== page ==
Gliding weekend report Feb 24-25/Mar 2-3

Gliding weekend report Feb 24-25/Mar 2-3

March – officially marks the turn of the seasons and finally tempers summers heat as the solar equinox approaches. The increased sightings of agricultural vehicles roaming through Canterbury’s pale fields of gold over the past month, is a welcomed sight for flatland pilots because they leave behind lovely new landout options to use. (How considerate) The flying season is approaching final glide with operations still progressing nicely, club members are taking every opportunity to make the most while the sun shines. I’ve also been bumping into quite a few new faces around the club which has had me reflecting on the age old principles or reaping and sowing. Quite fitting I thought. Well here’s what the gang’s been up to lately . . .

February
Saturday 24th Feb
Flight instructor – Rob Campbell
Tow pilot – Luca Ruzzon
John McCaw was the early bird, his eager sights set on a large trophy flight for the day, only to be shot down on tow by electrical gremlins plaguing his Cirrus. It put a sore damper on his day but at least he recovered midday for a localized flight.

Gideon Hodge our newest 6 flighter had his first apprehensive flight ever with Rob in the Grob as he was introduced over the next 45min to the art of the glide.  As I ran their wing down the runway I nostalgically recalled being in his shoes approx a year ago. It was good to remember.
The midday westerly winds continued to strengthen creating broken wave, tumbling over the Torlesse range out onto the plains below. Rangi (CV) and Fabian (CC) quickly escaped its meddling bother to go play further afield, but others weren’t so lucky. Solomon got the best violent rodeo tow of the day in the 102 Astir, bouncing the stick off all the stops and getting two good bumps on the head for his troubles. Time to put the tow plane away before we break that too.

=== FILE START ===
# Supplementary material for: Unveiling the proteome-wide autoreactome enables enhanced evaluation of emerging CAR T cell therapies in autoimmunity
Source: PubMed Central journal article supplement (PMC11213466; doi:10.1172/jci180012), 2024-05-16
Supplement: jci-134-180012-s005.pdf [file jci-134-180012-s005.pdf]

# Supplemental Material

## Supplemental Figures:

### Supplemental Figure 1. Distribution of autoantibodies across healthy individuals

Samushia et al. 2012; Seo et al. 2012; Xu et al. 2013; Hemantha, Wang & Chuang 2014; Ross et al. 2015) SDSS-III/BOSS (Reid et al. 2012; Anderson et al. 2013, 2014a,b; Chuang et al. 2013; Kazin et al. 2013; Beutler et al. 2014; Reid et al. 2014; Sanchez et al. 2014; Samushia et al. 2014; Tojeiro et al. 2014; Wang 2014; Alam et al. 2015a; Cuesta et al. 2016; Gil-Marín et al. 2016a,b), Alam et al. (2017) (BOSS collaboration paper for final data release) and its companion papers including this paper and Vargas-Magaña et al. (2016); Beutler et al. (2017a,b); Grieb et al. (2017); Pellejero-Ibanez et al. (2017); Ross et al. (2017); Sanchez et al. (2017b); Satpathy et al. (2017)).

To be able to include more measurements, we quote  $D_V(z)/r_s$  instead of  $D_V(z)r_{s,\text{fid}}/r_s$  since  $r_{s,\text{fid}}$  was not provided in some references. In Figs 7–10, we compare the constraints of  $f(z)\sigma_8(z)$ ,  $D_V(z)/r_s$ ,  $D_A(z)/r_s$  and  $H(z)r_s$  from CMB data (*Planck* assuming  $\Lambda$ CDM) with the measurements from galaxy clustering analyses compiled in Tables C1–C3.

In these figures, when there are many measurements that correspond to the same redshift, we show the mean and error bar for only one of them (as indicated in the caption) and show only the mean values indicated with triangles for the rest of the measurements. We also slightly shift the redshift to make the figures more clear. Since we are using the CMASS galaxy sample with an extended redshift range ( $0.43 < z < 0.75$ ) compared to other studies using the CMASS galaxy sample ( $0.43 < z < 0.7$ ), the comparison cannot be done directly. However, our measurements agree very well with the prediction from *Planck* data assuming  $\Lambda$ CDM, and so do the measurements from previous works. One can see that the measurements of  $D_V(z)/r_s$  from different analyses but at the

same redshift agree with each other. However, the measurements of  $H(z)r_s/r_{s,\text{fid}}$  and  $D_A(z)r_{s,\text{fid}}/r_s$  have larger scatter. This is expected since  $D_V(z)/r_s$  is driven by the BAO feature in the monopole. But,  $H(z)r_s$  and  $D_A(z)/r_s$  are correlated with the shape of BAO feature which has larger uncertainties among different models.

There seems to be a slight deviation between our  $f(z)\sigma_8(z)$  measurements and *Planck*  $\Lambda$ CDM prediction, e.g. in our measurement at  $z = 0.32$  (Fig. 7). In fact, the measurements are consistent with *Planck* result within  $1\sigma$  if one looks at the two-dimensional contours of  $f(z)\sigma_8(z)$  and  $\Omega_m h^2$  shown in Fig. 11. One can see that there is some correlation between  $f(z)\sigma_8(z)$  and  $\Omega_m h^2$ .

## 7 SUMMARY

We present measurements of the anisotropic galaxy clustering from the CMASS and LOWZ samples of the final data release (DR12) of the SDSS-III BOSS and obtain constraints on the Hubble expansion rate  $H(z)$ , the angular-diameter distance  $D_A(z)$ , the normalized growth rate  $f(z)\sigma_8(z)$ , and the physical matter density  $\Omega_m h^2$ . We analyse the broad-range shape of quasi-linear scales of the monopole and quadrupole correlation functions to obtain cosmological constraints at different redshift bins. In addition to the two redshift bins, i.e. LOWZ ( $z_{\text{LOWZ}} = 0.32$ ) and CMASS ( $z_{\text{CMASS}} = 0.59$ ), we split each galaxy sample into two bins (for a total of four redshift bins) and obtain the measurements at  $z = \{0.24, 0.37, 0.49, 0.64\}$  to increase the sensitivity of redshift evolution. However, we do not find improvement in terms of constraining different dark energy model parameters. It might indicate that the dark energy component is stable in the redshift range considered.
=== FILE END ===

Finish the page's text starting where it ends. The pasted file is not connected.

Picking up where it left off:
Sunday 25th Feb
Flight instructor – John McCaw
Tow pilot – Colin Winterburn
With only 9 flights for the day it wasn’t uneventful.
Colby another one of our potential tow pilot has been grinding away at his solo gliding training and is dangerously close to that point. Keep watching.
Edwin (RY Ventus 3) 3h19m and Derek (DK) 4h13m explored northwards to kept up the x-country public persona for the club, but the most notable achievement went to Rod Stewart who finally got his chance to complete his single seat conversion after weeks of prep. I’m sad I couldn’t have been there to congratulate him in person but the smile on his face said it all. Proud of ya Rod.